The ability to reflect in and on practice (Schön, 1983; 1991) is an integral professional skill within the field of education. This metacognitive process develops effective practitioners and promotes a network of self-constructed, interconnected understandings: theory to practice. However, as this process is not always tacit in nature it requires explicit teaching and embedding in the HE curriculum, which can prove challenging. This process has been facilitated by recent changes in HE that have supported a move towards constructivist teaching.
The adoption of dialogic, student-focussed approaches is more suitable for teaching the art of reflection. Despite this, the enactment of such reflective practices in higher education varies considerably from the use of blogs, diary entries, structured scaffolds and focussed cyclical questioning (Kolb, 1984; Boud et al, 1985; Gibbs, 1988). A variety of these aforementioned reflective tools were utilised on the BA (Hons) early years education and practice degree programme at the University of South Wales. As a result, the students’ reflections were overly formalised, constrained and formulaic in nature, meaning the reflective process lost its authenticity and became a chore. Therefore, a more nuanced, innovative method of reflection was adopted in the form of the ‘sandboxing technique.’ It was anticipated that this model would develop a close connection with students’ weekly experiences in placement, as well as developing a tool that could be used across education sectors – from higher education to the early years.
‘The sandboxing technique allows children to “play” through their concerns, issues and learning to make sense of their world.’
The sandboxing technique was developed by Lowenfeld (1967), who recognised that children essentially need to ‘play’ through their concerns, issues and learning to make sense of their world. Using a psychoanalytical, Jung-based approach, this technique continues in play therapy and other therapeutic disciplines to help children reflect on difficult issues or help them articulate their feelings. Utilising a box, tray or other similar receptacle filled with play sand, small toys and objects with the potential to be metaphorical (candles, keys, batteries, coins and so on) are placed to build a tableau representing their world and the opportunity to subsequently explore it narratively (Amas, 2007). Lines in the sand or divisions to represent different areas within the landscape are encouraged to signify time, space and symbolic imagery. This technique is also a visual participatory research method, employed extensively in Mannay’s work (2016) and in this instance as a tool for reflective practice. This research encouraged students to build a metaphorical landscape as part of reflective practice in response to placement within an early years setting. Students relinquish a part of themselves while working with children: they can never truly separate their practice from self, and this has emotional repercussions. Being a reflective practitioner is central to the professions of early years, and this in turn encourages problem-solving skills as well as self-improvement.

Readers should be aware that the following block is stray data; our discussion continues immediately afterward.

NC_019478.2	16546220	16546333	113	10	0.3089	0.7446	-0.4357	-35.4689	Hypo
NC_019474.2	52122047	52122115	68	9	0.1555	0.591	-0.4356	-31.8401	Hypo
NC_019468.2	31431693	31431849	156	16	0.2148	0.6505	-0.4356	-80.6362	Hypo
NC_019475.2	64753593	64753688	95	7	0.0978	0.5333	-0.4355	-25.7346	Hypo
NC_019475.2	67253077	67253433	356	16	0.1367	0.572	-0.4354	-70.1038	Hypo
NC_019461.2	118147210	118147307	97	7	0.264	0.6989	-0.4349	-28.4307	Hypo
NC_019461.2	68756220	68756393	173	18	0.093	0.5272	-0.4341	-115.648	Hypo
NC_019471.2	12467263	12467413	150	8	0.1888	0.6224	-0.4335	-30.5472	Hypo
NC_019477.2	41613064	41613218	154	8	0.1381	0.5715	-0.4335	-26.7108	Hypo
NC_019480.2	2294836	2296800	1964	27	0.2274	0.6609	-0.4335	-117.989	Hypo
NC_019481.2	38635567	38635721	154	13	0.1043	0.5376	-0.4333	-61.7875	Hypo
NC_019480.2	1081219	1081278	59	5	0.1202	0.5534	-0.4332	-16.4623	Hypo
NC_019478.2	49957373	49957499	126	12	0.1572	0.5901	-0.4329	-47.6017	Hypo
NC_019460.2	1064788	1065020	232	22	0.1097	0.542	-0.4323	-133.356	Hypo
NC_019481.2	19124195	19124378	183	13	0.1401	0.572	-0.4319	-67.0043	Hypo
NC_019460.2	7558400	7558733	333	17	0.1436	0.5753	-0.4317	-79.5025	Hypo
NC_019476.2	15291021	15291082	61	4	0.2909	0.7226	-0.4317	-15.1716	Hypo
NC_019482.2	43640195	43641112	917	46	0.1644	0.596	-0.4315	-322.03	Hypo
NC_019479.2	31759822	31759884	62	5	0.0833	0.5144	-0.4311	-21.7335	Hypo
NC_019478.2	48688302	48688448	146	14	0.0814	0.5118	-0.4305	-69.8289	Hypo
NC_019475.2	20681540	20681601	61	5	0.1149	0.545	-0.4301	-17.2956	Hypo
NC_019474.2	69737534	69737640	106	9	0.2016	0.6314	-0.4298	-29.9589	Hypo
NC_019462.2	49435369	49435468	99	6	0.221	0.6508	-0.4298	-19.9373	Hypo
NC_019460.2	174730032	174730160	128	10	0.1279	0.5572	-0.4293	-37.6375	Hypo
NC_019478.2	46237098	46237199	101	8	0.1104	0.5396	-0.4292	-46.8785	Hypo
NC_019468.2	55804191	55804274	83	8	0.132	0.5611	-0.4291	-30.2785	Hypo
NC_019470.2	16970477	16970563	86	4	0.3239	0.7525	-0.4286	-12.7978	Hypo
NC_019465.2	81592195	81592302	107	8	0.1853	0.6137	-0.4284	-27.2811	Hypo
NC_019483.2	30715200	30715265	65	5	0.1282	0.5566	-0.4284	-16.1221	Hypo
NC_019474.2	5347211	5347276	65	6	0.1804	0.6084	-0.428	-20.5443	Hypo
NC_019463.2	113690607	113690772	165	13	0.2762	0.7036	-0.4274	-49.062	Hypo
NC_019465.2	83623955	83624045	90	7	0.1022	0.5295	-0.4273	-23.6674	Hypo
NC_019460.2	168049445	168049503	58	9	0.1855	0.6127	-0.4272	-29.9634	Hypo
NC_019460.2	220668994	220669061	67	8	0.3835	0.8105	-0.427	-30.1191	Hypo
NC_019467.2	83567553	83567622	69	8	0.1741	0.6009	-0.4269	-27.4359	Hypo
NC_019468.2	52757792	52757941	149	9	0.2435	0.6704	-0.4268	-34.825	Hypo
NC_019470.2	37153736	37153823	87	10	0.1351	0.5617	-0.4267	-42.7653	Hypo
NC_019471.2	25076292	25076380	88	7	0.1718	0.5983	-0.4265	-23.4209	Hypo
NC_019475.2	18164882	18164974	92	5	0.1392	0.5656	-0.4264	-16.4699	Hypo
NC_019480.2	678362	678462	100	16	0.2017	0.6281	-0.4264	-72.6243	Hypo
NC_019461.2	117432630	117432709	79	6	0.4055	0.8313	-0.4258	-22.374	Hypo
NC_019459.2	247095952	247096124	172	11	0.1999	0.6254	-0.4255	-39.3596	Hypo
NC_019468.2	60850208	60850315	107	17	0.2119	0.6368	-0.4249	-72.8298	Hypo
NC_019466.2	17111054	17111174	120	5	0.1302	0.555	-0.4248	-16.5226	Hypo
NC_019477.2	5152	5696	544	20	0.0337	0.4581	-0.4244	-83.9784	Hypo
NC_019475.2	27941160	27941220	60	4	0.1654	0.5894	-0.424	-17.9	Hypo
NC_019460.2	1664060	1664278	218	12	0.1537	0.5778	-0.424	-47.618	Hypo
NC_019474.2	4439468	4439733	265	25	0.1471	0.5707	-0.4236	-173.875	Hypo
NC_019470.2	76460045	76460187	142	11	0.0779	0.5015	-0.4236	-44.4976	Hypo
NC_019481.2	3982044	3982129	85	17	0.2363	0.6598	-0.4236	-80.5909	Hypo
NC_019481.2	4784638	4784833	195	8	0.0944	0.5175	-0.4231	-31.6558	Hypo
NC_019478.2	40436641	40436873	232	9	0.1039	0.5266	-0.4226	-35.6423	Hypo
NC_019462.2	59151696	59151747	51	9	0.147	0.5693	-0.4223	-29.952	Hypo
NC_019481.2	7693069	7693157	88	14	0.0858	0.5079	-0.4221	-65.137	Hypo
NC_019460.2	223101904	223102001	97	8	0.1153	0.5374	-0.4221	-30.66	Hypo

Despite implementing a more student-focussed reflective process, there were distinct reservations from the student cohort. The initial feeling was that such a process was immature in nature because of the association of a ‘sand box’ with early years pupils. Furthermore, students initially felt embarrassed and self-conscious during the reflective process, as it was a method they were uncomfortable and unfamiliar with. It was a significant move away from the traditional, formalised academic language of reflection, which resulted in students imposing expectations and restraints on their own reflective processes. As researchers and tutors, it was our role to ensure anonymity, promote engagement and support classroom management in a positive manner, while also acknowledging and addressing the power imbalance our roles created.
The empirical data collected and subsequent themes identified (challenging relationships, professional/personal development and confidence in practice) affected how the ‘professional learning and practice’ modules have been planned for this academic year. Specific activities, scenarios and case studies to support these themes, and more overt opportunities for conflict resolution, have been adopted. Additionally, a sandboxing area has been set up in the base room, encouraging this technique in a more organic way: the opportunity to reflect on practice, work through challenging situations and act out through tableau the complex feelings that sometimes occur when working with young children, without the constraints of a conceptualised, formulaic model.
Amas, D. (2007). ‘We all love playing in the sand! Using sand play therapy in critical reflection with students in practice placement’, Journal of Teaching & Learning, 7 (2), pp.6–24.
Boud, D., Keogh, R. & Walker, D. (Eds.) (1985). Reflection: Turning experience into learning. London: Kogan Page.
Gibbs, G. (1988). Learning by Doing: A Guide to Teaching and Learning Methods, Oxford: Oxford Polytechnic
Kolb, D. A. (1984) Experiential Learning: Experience as the Source of Learning and Development. New Jersey: Englewood Cliffs.
Lowenfeld, M. (1967) Understanding Children’s Sandplay. Lowenfeld’s World Technique. Dr Margaret Lowenfeld Trust.
Mannay, D. (2016) Visual, Narrative and Creative Research Methods. Abingdon: Routledge.
Schön, D. A. (1983) The Reﬂective Practitioner: How Professionals Think in Action. London: Temple Smith.
Schön, D. A. (1991) The Reflective Turn: Case Studies In and On Educational Practice, New York: Teachers Press.